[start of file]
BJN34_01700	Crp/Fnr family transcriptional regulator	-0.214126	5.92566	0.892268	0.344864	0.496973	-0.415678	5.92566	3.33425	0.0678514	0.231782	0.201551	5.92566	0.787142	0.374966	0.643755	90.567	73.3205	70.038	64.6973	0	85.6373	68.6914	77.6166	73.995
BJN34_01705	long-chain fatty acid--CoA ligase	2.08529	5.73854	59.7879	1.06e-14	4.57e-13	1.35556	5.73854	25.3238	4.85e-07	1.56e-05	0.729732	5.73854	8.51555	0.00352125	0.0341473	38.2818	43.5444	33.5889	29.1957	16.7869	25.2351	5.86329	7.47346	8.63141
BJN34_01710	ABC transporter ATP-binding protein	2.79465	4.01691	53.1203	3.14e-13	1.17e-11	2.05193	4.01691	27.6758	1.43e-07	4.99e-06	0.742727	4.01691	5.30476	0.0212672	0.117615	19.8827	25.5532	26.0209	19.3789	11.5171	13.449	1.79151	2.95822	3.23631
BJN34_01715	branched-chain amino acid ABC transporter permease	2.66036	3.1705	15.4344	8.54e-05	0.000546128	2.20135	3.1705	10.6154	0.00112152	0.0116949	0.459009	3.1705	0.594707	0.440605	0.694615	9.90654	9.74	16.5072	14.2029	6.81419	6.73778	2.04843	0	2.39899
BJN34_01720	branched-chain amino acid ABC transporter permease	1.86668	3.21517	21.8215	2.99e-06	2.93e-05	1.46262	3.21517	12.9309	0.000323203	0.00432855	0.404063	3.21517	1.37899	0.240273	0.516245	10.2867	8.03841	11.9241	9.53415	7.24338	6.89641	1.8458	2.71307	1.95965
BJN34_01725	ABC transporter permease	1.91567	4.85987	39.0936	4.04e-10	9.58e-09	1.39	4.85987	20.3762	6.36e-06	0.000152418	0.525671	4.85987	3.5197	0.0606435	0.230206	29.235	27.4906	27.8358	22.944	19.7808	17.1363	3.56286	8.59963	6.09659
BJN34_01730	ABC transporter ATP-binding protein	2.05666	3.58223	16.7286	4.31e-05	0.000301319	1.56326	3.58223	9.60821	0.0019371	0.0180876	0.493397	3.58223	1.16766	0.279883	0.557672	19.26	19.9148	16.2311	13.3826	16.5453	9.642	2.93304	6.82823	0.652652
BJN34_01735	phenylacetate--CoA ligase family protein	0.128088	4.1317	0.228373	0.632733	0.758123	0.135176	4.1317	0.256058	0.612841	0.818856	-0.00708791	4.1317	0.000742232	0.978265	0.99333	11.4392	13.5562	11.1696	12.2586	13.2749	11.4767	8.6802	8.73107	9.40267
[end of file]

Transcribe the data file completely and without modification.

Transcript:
BJN34_01700	Crp/Fnr family transcriptional regulator	-0.214126	5.92566	0.892268	0.344864	0.496973	-0.415678	5.92566	3.33425	0.0678514	0.231782	0.201551	5.92566	0.787142	0.374966	0.643755	90.567	73.3205	70.038	64.6973	0	85.6373	68.6914	77.6166	73.995
BJN34_01705	long-chain fatty acid--CoA ligase	2.08529	5.73854	59.7879	1.06e-14	4.57e-13	1.35556	5.73854	25.3238	4.85e-07	1.56e-05	0.729732	5.73854	8.51555	0.00352125	0.0341473	38.2818	43.5444	33.5889	29.1957	16.7869	25.2351	5.86329	7.47346	8.63141
BJN34_01710	ABC transporter ATP-binding protein	2.79465	4.01691	53.1203	3.14e-13	1.17e-11	2.05193	4.01691	27.6758	1.43e-07	4.99e-06	0.742727	4.01691	5.30476	0.0212672	0.117615	19.8827	25.5532	26.0209	19.3789	11.5171	13.449	1.79151	2.95822	3.23631
BJN34_01715	branched-chain amino acid ABC transporter permease	2.66036	3.1705	15.4344	8.54e-05	0.000546128	2.20135	3.1705	10.6154	0.00112152	0.0116949	0.459009	3.1705	0.594707	0.440605	0.694615	9.90654	9.74	16.5072	14.2029	6.81419	6.73778	2.04843	0	2.39899
BJN34_01720	branched-chain amino acid ABC transporter permease	1.86668	3.21517	21.8215	2.99e-06	2.93e-05	1.46262	3.21517	12.9309	0.000323203	0.00432855	0.404063	3.21517	1.37899	0.240273	0.516245	10.2867	8.03841	11.9241	9.53415	7.24338	6.89641	1.8458	2.71307	1.95965
BJN34_01725	ABC transporter permease	1.91567	4.85987	39.0936	4.04e-10	9.58e-09	1.39	4.85987	20.3762	6.36e-06	0.000152418	0.525671	4.85987	3.5197	0.0606435	0.230206	29.235	27.4906	27.8358	22.944	19.7808	17.1363	3.56286	8.59963	6.09659
BJN34_01730	ABC transporter ATP-binding protein	2.05666	3.58223	16.7286	4.31e-05	0.000301319	1.56326	3.58223	9.60821	0.0019371	0.0180876	0.493397	3.58223	1.16766	0.279883	0.557672	19.26	19.9148	16.2311	13.3826	16.5453	9.642	2.93304	6.82823	0.652652
BJN34_01735	phenylacetate--CoA ligase family protein	0.128088	4.1317	0.228373	0.632733	0.758123	0.135176	4.1317	0.256058	0.612841	0.818856	-0.00708791	4.1317	0.000742232	0.978265	0.99333	11.4392	13.5562	11.1696	12.2586	13.2749	11.4767	8.6802	8.73107	9.40267